Cotton is your basic natural fibre option. It’s durable, machine washable, and non-allergenic. A cotton quilt is a good option for those who live in warm climates year-round as it will provide light warmth.
Cotton quality varies across the board; for instance, the species, production location, and yarning technique make a difference in the outcome of the material for bedding. A higher thread count cotton quilt is usually of better quality.
All Cool with Wool
The best quilt is one that can provide excellent temperature regulation, moisture-wicking action, and maximum comfort. If you’re looking for a contender in those departments, look no further than wool.
While it might not totally give silk a close competition when it comes to the title of being the perfect quilt, wool is a good option. This fabric can draw away moisture from sleepers ensuring a dry sleep without making them feel too toasty under the sheets.
Compared with polyester, wool is more natural and offers less risk of contracting health problems, thanks to the absence of chemicals. Plus, they’re biodegradable, putting you in Mother Earth’s good graces!
Another thing going for wool against polyester is its breathability. While polyester quilts are comfortable, they sometimes fail to distinguish between warm and warmest. You won’t have the same problem with wool; whether you’re a hot or cold sleeper, wool’s got you covered.
However, wool isn’t the king of quilts since…
It’s All About Silk
Silk, silk, silk. It’s just as soft to say as it is to touch. And yes, you can have silk as a quilted material. It’s basically the Beyoncé of quilts.
Most quilts and duvets are filled with microfibre or hollowfibre synthetic materials that are hypoallergenic and lower in cost than natural materials. But when it comes to your bedding, it should be about quality, not quantity, as your bed is a sacred spot where you get to relax and rest for seven to eight hours a night.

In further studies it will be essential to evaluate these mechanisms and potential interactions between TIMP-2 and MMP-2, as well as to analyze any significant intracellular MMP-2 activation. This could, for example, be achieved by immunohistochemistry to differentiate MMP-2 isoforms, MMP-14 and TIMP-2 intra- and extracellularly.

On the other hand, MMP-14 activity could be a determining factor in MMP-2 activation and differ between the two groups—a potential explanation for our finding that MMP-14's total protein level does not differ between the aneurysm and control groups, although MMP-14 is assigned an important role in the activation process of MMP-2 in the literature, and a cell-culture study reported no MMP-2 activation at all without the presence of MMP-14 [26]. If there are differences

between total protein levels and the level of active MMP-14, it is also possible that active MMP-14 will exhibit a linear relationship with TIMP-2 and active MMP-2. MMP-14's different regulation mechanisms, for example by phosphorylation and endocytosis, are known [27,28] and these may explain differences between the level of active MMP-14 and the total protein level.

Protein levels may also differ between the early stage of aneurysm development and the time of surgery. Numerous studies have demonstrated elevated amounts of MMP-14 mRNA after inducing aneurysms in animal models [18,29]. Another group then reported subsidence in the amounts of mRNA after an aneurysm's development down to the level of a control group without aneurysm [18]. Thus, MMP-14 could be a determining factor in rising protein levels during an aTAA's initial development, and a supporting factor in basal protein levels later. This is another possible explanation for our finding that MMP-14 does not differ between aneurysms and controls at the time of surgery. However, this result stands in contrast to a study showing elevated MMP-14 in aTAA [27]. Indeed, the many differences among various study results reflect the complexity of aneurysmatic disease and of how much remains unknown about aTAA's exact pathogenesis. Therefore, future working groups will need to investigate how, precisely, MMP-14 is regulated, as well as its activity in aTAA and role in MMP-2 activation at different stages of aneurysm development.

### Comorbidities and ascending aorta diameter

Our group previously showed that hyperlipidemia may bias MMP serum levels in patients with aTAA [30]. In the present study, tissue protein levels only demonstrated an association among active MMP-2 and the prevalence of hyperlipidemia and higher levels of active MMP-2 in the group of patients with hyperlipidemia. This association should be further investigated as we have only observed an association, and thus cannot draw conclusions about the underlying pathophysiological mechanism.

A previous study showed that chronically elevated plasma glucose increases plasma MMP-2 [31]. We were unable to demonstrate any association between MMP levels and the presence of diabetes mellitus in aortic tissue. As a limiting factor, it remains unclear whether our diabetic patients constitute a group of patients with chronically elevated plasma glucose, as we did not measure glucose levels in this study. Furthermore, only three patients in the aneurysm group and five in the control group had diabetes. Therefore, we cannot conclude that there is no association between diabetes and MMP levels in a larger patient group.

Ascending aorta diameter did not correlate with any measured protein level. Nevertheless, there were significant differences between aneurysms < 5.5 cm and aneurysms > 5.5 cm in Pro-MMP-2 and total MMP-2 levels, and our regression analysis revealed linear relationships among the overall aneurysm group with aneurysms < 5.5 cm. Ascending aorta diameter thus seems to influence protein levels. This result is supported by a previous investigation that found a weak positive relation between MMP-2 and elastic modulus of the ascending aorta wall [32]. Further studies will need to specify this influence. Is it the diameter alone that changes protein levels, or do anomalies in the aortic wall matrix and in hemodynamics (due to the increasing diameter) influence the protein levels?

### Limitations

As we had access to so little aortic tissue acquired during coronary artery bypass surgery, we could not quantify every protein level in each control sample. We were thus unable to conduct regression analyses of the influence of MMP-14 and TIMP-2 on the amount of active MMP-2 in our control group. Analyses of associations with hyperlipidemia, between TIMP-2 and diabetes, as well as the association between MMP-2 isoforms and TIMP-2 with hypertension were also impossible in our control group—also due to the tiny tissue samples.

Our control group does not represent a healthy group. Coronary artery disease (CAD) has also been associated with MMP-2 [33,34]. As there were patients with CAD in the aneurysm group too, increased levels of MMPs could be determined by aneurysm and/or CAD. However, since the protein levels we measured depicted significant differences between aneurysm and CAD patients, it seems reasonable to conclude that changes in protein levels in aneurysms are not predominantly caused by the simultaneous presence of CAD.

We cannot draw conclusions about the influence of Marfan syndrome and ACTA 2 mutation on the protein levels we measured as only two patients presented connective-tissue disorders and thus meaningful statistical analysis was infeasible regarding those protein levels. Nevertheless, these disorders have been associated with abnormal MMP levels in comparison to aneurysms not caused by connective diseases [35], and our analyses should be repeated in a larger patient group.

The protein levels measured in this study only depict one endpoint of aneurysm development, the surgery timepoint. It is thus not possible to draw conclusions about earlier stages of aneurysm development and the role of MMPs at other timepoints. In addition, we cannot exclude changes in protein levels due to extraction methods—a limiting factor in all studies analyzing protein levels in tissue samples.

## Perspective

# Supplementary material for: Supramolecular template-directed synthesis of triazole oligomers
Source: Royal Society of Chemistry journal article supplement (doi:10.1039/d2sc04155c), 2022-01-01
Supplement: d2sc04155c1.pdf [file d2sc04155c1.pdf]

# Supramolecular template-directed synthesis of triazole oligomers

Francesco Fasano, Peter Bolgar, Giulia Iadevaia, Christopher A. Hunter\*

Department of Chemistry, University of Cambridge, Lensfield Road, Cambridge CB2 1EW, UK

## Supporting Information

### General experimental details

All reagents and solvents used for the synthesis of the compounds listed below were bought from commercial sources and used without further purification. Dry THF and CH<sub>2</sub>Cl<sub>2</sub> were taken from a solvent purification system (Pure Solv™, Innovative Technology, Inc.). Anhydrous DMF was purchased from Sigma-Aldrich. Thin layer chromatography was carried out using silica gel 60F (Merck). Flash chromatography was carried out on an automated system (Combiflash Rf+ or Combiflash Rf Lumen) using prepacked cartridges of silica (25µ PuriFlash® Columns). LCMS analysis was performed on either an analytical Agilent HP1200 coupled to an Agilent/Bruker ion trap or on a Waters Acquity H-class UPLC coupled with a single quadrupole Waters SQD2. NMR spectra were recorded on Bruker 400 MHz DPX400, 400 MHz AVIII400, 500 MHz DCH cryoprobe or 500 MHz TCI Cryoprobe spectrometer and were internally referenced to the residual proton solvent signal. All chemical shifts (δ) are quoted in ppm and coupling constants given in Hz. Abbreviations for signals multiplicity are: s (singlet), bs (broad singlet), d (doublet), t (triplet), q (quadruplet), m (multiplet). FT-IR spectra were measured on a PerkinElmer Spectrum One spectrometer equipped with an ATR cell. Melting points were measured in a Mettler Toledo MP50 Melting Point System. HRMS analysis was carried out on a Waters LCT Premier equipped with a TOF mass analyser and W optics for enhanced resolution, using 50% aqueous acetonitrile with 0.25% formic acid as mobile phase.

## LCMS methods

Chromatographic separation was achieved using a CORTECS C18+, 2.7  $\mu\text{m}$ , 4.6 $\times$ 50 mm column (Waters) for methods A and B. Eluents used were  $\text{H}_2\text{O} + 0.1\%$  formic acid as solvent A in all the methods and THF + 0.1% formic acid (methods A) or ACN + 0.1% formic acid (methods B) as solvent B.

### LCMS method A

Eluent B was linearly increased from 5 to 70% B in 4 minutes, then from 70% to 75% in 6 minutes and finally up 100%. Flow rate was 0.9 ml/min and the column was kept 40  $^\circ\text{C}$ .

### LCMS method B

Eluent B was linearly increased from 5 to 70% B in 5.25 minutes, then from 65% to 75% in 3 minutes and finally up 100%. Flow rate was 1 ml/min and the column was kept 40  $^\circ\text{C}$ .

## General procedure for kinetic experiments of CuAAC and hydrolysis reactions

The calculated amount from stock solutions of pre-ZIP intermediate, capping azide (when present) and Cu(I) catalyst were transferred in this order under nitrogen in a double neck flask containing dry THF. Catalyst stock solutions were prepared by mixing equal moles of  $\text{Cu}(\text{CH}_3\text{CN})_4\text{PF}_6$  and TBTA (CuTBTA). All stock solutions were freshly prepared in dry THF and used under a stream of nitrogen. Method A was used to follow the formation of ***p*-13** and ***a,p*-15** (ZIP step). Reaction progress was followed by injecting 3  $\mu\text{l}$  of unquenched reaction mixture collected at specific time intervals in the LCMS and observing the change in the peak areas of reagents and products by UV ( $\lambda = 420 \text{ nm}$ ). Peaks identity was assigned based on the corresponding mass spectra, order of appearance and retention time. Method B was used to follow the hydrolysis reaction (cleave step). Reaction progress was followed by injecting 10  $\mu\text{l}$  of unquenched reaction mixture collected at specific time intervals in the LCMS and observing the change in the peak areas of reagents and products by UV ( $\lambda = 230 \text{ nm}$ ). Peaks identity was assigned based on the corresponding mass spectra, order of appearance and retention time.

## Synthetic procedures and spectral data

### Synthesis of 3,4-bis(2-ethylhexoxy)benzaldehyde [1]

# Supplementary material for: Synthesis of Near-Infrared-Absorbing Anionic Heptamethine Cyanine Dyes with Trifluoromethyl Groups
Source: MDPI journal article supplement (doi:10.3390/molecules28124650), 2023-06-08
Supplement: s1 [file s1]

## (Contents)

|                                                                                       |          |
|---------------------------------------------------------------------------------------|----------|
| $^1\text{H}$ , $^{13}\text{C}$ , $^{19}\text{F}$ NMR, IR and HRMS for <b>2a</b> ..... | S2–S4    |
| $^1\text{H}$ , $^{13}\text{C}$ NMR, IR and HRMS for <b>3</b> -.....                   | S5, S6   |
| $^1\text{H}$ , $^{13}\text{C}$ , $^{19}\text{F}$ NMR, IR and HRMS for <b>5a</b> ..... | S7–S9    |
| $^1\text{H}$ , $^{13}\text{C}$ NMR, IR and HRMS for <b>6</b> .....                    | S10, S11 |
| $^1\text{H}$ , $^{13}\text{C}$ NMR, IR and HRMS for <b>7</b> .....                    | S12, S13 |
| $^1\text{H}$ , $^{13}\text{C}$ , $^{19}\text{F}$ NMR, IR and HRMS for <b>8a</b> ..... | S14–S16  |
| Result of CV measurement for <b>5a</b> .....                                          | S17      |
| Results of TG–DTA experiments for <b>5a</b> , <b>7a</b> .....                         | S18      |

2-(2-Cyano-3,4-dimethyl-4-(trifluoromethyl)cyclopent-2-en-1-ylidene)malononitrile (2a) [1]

Traditional synthetic duvets trap air around your body, whereas a silk quilt gently contours to your silhouette to give you enough room to snuggle without feeling bulky. Silk quilts are hypoallergenic, lightweight, and moisture-wicking. Plus, it’s good for your skin! Silk material prevents bacteria and mould from building up under the sheets, which may cause odour and skin problems.
This is a huge deal when you spend hours under the covers each night! Sure, silk has a hefty price tag on it, but that’s what you get when you invest in a luxurious and rare item.
Silk quilts are pretty rare in Australia, but lucky for you, Ecosa’s silk quilt was designed for all seasons. Ecosa’s quilts are made using high-quality, all-natural silk filling in a soft cotton cover, which doesn’t contribute to the production of fossil fuels or release any toxins to you or the environment.
Contrary to popular belief, silk is actually easy to care for as it doesn’t require an expensive trip to the dry cleaner. If you protect Ecosa’s quilt with a bamboo quilt cover, a simple bi-monthly air-out will help keep it fresh and healthy.
Choosing the right quilt should be treated as an investment. A quality quilt is a self-care item that helps you relax and get comfortable as you enter deep, restorative sleep. Ahh, is it time for bed yet?
Check out: Ecosa’s Bamboo Quilt Cover